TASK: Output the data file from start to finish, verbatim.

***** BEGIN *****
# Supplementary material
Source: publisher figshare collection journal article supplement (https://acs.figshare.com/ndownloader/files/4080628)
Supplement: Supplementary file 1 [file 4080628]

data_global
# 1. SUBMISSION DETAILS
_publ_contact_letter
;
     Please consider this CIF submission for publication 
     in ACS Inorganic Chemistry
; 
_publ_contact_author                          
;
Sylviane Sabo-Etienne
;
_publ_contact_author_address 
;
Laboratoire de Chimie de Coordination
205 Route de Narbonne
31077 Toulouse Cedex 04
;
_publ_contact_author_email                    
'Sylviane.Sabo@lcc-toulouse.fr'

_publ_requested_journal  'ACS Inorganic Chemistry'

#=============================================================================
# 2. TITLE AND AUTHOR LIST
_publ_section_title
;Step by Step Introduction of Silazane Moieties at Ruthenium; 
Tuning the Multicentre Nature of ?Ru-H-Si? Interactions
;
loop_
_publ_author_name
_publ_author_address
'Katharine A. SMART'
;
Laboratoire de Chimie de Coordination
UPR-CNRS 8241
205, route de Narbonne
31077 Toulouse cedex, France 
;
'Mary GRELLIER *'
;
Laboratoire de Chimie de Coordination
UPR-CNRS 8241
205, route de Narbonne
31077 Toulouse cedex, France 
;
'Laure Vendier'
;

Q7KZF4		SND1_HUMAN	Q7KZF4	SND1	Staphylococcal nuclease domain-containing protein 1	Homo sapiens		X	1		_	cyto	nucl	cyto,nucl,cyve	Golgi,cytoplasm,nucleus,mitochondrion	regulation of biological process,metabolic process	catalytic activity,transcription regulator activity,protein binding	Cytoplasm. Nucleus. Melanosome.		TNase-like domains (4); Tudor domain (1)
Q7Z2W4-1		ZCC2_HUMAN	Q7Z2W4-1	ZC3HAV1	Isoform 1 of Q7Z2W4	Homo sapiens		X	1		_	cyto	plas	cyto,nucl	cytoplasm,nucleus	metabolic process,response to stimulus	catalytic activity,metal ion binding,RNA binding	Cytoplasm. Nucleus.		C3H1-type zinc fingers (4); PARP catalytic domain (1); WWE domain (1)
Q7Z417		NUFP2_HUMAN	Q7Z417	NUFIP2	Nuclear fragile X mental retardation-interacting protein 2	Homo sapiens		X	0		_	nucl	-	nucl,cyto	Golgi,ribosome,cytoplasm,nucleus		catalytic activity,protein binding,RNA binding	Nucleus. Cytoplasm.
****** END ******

# Supplementary material
Source: publisher figshare collection journal article supplement (https://acs.figshare.com/ndownloader/files/4080628)
Supplement: Supplementary file 1 [file 4080628]

data_global
# 1. SUBMISSION DETAILS
_publ_contact_letter
;
     Please consider this CIF submission for publication 
     in ACS Inorganic Chemistry
; 
_publ_contact_author                          
;
Sylviane Sabo-Etienne
;
_publ_contact_author_address 
;
Laboratoire de Chimie de Coordination
205 Route de Narbonne
31077 Toulouse Cedex 04
;
_publ_contact_author_email                    
'Sylviane.Sabo@lcc-toulouse.fr'

_publ_requested_journal  'ACS Inorganic Chemistry'

#=============================================================================
# 2. TITLE AND AUTHOR LIST
_publ_section_title
;Step by Step Introduction of Silazane Moieties at Ruthenium; 
Tuning the Multicentre Nature of ?Ru-H-Si? Interactions
;
loop_
_publ_author_name
_publ_author_address
'Katharine A. SMART'
;
Laboratoire de Chimie de Coordination
UPR-CNRS 8241
205, route de Narbonne
31077 Toulouse cedex, France 
;
'Mary GRELLIER *'
;
Laboratoire de Chimie de Coordination
UPR-CNRS 8241
205, route de Narbonne
31077 Toulouse cedex, France 
;
'Laure Vendier'
;

Q7KZF4		SND1_HUMAN	Q7KZF4	SND1	Staphylococcal nuclease domain-containing protein 1	Homo sapiens		X	1		_	cyto	nucl	cyto,nucl,cyve	Golgi,cytoplasm,nucleus,mitochondrion	regulation of biological process,metabolic process	catalytic activity,transcription regulator activity,protein binding	Cytoplasm. Nucleus. Melanosome.		TNase-like domains (4); Tudor domain (1)
Q7Z2W4-1		ZCC2_HUMAN	Q7Z2W4-1	ZC3HAV1	Isoform 1 of Q7Z2W4	Homo sapiens		X	1		_	cyto	plas	cyto,nucl	cytoplasm,nucleus	metabolic process,response to stimulus	catalytic activity,metal ion binding,RNA binding	Cytoplasm. Nucleus.		C3H1-type zinc fingers (4); PARP catalytic domain (1); WWE domain (1)
Q7Z417		NUFP2_HUMAN	Q7Z417	NUFIP2	Nuclear fragile X mental retardation-interacting protein 2	Homo sapiens		X	0		_	nucl	-	nucl,cyto	Golgi,ribosome,cytoplasm,nucleus		catalytic activity,protein binding,RNA binding	Nucleus. Cytoplasm.